Your lungs believe the natural elasticity of the bronchial tubes and air sacs to force air out of your body. COPD causes them to lose their elasticity and over-expand, which leaves some air trapped in your lungs once you exhale.

Causes of airway obstruction

Causes of airway obstruction include:




This lung disease causes the destruction of the delicate walls and elastic fibers of the alveoli.

Small airways collapse once you exhale, impairing airflow out of your lungs.


Chronic bronchitis

During this condition, your bronchial tubes become inflamed and narrowed and your lungs produce more mucus, which may further block the narrowed tubes. You develop a chronic cough trying to clear your airways.

Cigarette smoke and other irritants

In the overwhelming majority of individuals with COPD, the lung damage that results inCOPD is caused by long-term cigarette smoking. But there are likely other factors at play within the development of COPD, like a genetic susceptibility to the disease, because not all smokers develop COPD.

Other irritants can cause COPD, including cigar smoke, second hand smoke, pipe smoke, pollution, and workplace exposure to dust, smoke, or fumes.

 Alpha-1-antitrypsin deficiency

In about 1% of individuals with COPD, the disease results from a genetic disease that causes low levels of a protein called alpha-1-antitrypsin (AAt). AAt is formed within the liver and secreted into the bloodstream to assist protect the lungs. Alpha-1-antitrypsin deficiency can cause disease, lung disease or both.

For adults with COPD associated with AAt deficiency, treatment options include those used for people with more-common sorts of COPD. additionally, some people are often treated by replacing the missing AAt protein, which can prevent further damage to the lungs.

Risk factors

Risk factors for COPD include:

Exposure to tobacco smokethe most –significant risk factor for COPD is long-term cigarette smoking. The more years you smoke and therefore the more packs you smoke, the greater your risk. Pipe smokers, cigar smokers, and marijuana smokers also could also be in danger, alsoas people exposed to large amounts of secondhand smoke.

People with asthma. Asthma, a chronic inflammatory airway disease, could also be a risk factor for developing COPD. the mixture of asthma and smoking increases the danger of COPD even more.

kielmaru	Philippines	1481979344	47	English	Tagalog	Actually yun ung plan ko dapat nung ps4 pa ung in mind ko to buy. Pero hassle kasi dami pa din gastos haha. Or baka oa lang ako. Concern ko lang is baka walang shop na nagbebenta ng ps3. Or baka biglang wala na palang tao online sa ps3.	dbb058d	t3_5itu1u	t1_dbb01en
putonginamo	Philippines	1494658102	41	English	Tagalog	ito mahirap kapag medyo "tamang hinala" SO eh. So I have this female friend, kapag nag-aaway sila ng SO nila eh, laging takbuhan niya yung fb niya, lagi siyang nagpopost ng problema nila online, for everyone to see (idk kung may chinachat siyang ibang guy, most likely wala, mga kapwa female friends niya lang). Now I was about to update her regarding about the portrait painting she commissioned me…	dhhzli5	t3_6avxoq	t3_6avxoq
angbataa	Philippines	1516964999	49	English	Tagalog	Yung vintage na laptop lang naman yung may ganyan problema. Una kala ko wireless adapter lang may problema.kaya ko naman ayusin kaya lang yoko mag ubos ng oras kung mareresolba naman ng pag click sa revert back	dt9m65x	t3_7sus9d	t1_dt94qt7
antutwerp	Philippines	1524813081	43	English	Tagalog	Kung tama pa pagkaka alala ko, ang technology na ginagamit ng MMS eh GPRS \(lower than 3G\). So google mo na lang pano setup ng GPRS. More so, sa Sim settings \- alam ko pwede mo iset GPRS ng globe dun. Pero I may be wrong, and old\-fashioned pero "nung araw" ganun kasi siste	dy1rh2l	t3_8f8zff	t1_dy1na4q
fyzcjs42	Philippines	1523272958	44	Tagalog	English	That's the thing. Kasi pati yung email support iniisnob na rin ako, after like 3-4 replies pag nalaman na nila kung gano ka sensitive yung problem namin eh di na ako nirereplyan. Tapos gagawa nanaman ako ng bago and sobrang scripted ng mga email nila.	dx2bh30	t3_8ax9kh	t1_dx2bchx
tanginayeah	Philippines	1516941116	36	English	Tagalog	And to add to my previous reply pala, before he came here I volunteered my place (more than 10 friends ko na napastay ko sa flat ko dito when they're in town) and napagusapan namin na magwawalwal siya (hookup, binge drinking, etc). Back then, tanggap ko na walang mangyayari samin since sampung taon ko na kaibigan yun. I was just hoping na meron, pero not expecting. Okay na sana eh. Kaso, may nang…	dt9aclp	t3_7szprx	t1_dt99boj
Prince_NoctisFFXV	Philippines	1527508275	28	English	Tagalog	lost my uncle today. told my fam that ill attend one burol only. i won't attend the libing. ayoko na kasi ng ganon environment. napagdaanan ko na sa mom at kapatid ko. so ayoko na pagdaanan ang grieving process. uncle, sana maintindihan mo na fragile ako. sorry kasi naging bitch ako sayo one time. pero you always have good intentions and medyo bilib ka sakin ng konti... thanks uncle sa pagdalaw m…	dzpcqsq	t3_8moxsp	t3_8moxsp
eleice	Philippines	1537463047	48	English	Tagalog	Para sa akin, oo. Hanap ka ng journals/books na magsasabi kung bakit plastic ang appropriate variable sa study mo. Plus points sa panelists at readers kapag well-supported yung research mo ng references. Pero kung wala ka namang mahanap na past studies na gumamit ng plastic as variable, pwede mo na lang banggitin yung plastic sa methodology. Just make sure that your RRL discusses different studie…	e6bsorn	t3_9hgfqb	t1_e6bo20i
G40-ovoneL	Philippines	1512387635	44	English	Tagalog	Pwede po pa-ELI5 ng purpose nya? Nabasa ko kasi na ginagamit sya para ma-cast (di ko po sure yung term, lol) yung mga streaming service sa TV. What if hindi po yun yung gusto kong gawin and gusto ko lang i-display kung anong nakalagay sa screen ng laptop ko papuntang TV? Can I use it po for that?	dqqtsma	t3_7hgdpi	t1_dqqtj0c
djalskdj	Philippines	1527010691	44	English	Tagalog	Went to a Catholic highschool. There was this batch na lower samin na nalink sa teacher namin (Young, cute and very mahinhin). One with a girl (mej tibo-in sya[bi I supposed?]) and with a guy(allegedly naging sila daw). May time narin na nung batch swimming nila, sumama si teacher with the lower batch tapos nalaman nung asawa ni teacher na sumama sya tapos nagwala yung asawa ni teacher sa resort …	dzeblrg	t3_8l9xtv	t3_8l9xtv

Occupational exposure to dust and chemicals. Long-term exposure to chemical fumes, vapors, and dust within the workplace can irritate and inflame your lungs.

Exposure to fumes from burning fuel. within the developing world, people exposed to fumes from burning fuel for cooking and heating in poorly ventilated homes are at higher risk of developing COPD.

Genetics. The uncommon genetic disease alpha-1-antitrypsin deficiency is that the explanation for some cases of COPD. Other genetic factors likely make sure smokers more defenseless to the disease.


COPD can cause many complications, including:

Respiratory infections. People with COPD are more likely to catch colds, the flu, and pneumonia. Any respiratory tract infection can make it far more difficult to breathe and will cause further damage to lung tissue.

Heart problems – For reasons that are not fully understood, COPD can increase your risk of heart condition, including attack

Lung cancer – People with COPD have a higher risk of developing cancer.

High blood pressure in lung arteries – COPD may cause high vital sign within the arteries that bring blood to your lungs (pulmonary hypertension).

Depression – Difficulty breathing can keep you from doing activities that you simply enjoy. And handling serious illness can contribute to the event of depression.